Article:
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Psychological well-being of hospice staff: systematic review
  1. Andrew Papworth1,
  2. Lucy Ziegler2,
  3. Bryony Beresford3,
  4. Suzanne Mukherjee3,
  5. Lorna Fraser1,
  6. Victoria Fisher1,
  7. Mark O'Neill1,
  8. Su Golder1,
  9. Andre Bedendo1 and
  10. Johanna Taylor1
  1. 1Department of Health Sciences, University of York, York, UK
  2. 2School of Medicine, University of Leeds, Leeds, UK
  3. 3Social Policy Research Unit, School for Business and Society, University of York, York, UK
  1. Correspondence to Prof Lucy Ziegler, School of Health Sciences, University of Leeds, LS2 9JT Leeds, UK; l.e.ziegler{at}


Background Poor psychological well-being among healthcare staff has implications for staff sickness and absence rates, and impacts on the quality, cost and safety of patient care. Although numerous studies have explored the well-being of hospice staff, study findings vary and the evidence has not yet been reviewed and synthesised. Using job demands-resources (JD-R) theory, this review aimed to investigate what factors are associated with the well-being of hospice staff.

Methods We searched MEDLINE, CINAHL and PsycINFO for peer-reviewed quantitative, qualitative or mixed-methods studies focused on understanding what contributes to the well-being of hospice staff who provide care to patients (adults and children). The date of the last search was 11 March 2022. Studies were published from 2000 onwards in the English language and conducted in Organisation for Economic Co-operation and Development countries. Study quality was assessed using the Mixed Methods Appraisal Tool. Data synthesis was conducted using a result-based convergent design, which involved an iterative, thematic approach of collating data into distinct factors and mapping these to the JD-R theory.

Results A total of 4016 unique records were screened by title and abstract, 115 full-text articles were retrieved and reviewed and 27 articles describing 23 studies were included in the review. The majority of the evidence came from studies of staff working with adult patients. Twenty-seven individual factors were identified in the included studies. There is a strong and moderate evidence that 21 of the 27 identified factors can influence hospice staff well-being. These 21 factors can be grouped into three categories: (1) those that are specific to the hospice environment and role, such as the complexity and diversity of the hospice role; (2) those that have been found to be associated with well-being in other similar settings, such as relationships with patients and their families; and (3) those that affect workers regardless of their role and work environment, that is, that are not unique to working in a healthcare role, such as workload and working relationships. There was strong evidence that neither staff demographic characteristics nor education level can influence well-being.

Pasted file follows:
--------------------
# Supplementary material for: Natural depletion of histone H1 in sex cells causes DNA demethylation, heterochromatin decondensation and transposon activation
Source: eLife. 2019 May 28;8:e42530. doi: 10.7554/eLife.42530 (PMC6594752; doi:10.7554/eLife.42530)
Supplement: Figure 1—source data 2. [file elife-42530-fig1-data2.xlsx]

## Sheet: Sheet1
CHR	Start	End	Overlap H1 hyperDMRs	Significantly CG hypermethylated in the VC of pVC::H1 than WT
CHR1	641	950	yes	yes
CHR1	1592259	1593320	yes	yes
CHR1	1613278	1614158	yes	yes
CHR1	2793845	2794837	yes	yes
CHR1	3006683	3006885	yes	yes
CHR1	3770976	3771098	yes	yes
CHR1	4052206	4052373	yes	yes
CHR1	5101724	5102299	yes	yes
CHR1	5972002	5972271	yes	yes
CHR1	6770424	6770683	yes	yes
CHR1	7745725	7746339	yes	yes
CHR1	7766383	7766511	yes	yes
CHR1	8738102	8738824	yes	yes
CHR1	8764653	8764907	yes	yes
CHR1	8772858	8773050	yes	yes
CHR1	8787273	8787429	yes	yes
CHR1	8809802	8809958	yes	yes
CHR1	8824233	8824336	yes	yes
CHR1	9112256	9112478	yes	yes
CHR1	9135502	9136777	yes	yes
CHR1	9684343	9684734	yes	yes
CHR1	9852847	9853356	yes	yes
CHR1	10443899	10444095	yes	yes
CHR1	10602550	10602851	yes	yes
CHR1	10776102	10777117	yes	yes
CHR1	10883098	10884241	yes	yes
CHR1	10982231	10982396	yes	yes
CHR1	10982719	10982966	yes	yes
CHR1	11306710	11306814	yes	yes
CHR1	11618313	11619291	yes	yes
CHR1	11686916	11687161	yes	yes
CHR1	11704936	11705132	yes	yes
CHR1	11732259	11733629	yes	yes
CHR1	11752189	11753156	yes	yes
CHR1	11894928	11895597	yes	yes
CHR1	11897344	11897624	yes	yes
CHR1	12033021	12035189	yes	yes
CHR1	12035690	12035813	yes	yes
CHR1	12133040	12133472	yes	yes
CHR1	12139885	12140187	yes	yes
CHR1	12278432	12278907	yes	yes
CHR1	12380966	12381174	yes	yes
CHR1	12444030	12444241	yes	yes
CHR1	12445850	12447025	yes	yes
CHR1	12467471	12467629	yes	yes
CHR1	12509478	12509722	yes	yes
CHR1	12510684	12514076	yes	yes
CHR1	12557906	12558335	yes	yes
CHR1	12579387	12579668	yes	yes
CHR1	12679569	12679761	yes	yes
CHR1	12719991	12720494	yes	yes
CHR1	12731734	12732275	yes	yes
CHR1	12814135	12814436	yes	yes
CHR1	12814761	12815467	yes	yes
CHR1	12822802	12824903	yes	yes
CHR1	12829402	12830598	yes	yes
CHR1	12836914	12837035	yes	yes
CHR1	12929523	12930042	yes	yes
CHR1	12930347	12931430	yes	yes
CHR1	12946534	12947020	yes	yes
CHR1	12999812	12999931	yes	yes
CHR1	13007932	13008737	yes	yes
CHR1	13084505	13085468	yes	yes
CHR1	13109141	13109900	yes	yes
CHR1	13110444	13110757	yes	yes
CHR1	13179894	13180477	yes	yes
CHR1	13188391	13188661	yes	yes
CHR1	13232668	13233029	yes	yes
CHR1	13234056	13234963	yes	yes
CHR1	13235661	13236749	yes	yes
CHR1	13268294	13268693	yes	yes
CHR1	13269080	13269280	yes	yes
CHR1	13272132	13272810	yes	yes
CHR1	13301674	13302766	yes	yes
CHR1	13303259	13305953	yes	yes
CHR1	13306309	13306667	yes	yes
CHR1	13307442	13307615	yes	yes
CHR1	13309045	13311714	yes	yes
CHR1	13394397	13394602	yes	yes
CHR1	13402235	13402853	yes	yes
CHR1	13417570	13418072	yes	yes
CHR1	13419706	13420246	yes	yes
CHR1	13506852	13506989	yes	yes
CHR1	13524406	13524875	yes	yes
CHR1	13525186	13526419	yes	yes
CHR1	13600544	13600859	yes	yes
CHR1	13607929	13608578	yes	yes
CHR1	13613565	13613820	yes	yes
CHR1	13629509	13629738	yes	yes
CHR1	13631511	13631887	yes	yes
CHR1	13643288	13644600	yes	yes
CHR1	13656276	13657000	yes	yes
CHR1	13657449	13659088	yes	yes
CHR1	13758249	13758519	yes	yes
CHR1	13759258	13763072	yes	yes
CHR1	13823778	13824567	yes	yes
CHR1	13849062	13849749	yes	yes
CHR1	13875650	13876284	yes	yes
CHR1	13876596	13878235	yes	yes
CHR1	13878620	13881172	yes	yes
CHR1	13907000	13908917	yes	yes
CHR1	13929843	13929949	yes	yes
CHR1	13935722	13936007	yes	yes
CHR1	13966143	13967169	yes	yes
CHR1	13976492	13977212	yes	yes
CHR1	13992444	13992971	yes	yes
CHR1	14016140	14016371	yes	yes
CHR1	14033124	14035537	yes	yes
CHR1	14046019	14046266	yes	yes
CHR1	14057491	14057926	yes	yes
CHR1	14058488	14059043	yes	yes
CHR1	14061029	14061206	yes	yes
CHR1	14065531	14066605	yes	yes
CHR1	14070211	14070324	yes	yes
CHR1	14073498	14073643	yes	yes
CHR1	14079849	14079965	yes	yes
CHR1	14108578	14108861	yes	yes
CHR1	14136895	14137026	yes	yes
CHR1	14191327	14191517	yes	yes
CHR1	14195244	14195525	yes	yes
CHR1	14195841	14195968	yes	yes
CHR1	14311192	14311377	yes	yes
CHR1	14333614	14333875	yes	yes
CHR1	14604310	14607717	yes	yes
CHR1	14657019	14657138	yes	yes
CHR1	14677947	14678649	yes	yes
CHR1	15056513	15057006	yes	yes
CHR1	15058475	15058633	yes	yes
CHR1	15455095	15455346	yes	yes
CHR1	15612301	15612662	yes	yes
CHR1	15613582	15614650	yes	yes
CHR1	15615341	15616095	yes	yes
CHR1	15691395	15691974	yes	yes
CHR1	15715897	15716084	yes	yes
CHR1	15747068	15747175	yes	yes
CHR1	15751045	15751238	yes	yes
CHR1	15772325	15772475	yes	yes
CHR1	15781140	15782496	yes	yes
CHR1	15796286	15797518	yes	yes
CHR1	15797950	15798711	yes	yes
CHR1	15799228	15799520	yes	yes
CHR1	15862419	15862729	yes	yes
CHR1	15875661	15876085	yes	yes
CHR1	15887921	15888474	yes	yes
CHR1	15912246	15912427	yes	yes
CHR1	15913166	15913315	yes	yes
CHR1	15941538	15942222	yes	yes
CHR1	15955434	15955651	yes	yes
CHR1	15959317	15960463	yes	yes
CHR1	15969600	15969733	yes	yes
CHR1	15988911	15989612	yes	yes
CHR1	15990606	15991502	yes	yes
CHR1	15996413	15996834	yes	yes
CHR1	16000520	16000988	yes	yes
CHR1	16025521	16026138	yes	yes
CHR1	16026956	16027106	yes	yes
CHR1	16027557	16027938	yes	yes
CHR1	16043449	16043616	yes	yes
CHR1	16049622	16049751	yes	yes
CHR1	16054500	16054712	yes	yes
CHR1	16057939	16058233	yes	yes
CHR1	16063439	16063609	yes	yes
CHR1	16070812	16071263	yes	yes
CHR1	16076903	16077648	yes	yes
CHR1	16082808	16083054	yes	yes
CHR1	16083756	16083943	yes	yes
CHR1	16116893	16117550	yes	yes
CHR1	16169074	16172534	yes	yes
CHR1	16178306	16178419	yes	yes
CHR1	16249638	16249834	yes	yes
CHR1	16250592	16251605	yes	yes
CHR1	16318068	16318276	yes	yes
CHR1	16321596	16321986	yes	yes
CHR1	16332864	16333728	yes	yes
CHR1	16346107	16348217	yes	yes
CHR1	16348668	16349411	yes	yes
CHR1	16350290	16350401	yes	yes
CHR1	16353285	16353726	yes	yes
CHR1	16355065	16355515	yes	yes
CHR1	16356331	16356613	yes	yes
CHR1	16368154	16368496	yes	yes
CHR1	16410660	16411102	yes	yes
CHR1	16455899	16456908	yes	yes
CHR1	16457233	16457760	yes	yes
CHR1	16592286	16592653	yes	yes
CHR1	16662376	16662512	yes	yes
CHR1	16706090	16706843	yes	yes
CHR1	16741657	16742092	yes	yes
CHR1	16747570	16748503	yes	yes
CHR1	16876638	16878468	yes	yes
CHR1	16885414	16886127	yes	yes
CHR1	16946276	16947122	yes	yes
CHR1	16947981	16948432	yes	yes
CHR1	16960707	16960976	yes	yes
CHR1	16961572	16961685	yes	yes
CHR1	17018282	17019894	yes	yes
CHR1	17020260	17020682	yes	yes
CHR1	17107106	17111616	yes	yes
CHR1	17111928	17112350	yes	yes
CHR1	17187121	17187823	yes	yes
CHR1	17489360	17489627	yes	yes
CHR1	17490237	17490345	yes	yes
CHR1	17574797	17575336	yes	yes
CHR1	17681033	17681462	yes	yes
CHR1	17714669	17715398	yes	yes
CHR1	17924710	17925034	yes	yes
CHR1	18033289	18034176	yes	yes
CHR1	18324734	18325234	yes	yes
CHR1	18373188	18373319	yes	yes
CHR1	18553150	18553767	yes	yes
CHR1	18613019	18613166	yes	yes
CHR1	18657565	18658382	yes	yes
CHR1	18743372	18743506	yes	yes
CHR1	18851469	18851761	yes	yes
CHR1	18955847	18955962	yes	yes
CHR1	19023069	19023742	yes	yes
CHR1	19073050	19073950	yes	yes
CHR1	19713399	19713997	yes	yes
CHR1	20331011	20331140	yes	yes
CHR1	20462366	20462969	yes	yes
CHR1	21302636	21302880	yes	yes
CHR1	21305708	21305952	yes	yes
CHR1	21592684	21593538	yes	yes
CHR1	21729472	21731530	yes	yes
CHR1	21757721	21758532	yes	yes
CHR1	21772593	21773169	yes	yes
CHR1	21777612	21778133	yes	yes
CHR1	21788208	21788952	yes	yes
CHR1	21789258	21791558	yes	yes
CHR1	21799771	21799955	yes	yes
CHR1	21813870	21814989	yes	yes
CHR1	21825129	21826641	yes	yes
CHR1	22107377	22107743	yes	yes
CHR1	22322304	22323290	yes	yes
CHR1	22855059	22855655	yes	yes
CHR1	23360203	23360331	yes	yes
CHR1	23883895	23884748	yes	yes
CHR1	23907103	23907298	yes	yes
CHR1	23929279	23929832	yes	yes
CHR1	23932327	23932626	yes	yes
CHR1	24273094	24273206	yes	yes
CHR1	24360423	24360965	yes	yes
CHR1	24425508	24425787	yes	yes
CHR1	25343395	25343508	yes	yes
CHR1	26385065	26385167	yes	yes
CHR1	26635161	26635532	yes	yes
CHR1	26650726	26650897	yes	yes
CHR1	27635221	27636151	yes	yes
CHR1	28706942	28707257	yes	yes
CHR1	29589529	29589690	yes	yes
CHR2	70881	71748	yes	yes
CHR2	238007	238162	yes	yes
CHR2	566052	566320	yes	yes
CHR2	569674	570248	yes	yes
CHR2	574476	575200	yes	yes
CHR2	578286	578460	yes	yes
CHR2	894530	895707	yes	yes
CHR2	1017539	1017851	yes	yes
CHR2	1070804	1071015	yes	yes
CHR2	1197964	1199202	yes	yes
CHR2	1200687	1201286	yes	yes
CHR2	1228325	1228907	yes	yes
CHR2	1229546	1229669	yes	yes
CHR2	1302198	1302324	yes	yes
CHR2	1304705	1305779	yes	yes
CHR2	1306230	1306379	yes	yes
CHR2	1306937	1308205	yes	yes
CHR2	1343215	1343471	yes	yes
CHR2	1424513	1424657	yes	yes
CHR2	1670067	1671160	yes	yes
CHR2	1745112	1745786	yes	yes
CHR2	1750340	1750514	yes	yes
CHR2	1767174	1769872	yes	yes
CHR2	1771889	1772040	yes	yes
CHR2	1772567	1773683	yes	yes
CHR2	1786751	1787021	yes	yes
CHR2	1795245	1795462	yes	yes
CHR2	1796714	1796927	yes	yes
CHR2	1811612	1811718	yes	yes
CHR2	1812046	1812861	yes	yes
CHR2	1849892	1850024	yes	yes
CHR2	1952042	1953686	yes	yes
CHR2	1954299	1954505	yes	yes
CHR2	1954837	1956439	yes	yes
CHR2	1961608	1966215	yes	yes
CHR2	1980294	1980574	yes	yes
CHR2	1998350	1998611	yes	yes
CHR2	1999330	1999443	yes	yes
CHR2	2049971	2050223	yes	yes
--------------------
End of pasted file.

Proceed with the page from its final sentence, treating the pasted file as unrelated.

Discussion The factors identified in this review highlight the importance of assessing both positive and negative domains of experience to determine coping interventions. Hospice organisations should aim to offer a wide range of interventions to ensure their staff have access to something that works for them. These should involve continuing or commencing initiatives to protect the factors that make hospices good environments in which to work, as well as recognising that hospice staff are also subject to many of the same factors that affect psychological well-being in all work environments. Only two studies included in the review were set in children’s hospices, suggesting that more research is needed in these settings.

PROSPERO registration number CRD42019136721 (Deviations from the protocol are noted in Table 8, Supplementary material).

  • Psychological care
  • Hospice care
  • Education and training
  • Supportive care

Data availability statement

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  • Contributors Conception and design of study: JT, AP, BB, LF, SM. Acquisition and assessment of studies: AP, JT, SG, BB, LF, SM, LZ, MO'N, VF, AB. Analysis and/or interpretation of data: AP, JT, VF, LZ, BB, LF, SM. Drafting the manuscript: AP, JT, LZ. Approval of the version of the manuscript to be published: all authors. LZ is responsible for the overall content as the guarantor.

  • Funding This study was funded by the Martin House Research Centre: a partnership between the University of York and Martin House Hospice Care for Children and Young People.

  • Competing interests None declared.

  • Provenance and peer review Not commissioned; externally peer reviewed.

  • Supplemental material This content has been supplied by the author(s). It has not been vetted by BMJ Publishing Group Limited (BMJ) and may not have been peer-reviewed. Any opinions or recommendations discussed are solely those of the author(s) and are not endorsed by BMJ. BMJ disclaims all liability and responsibility arising from any reliance placed on the content. Where the content includes any translated material, BMJ does not warrant the accuracy and reliability of the translations (including but not limited to local regulations, clinical guidelines, terminology, drug names and drug dosages), and is not responsible for any error and/or omissions arising from translation and adaptation or otherwise.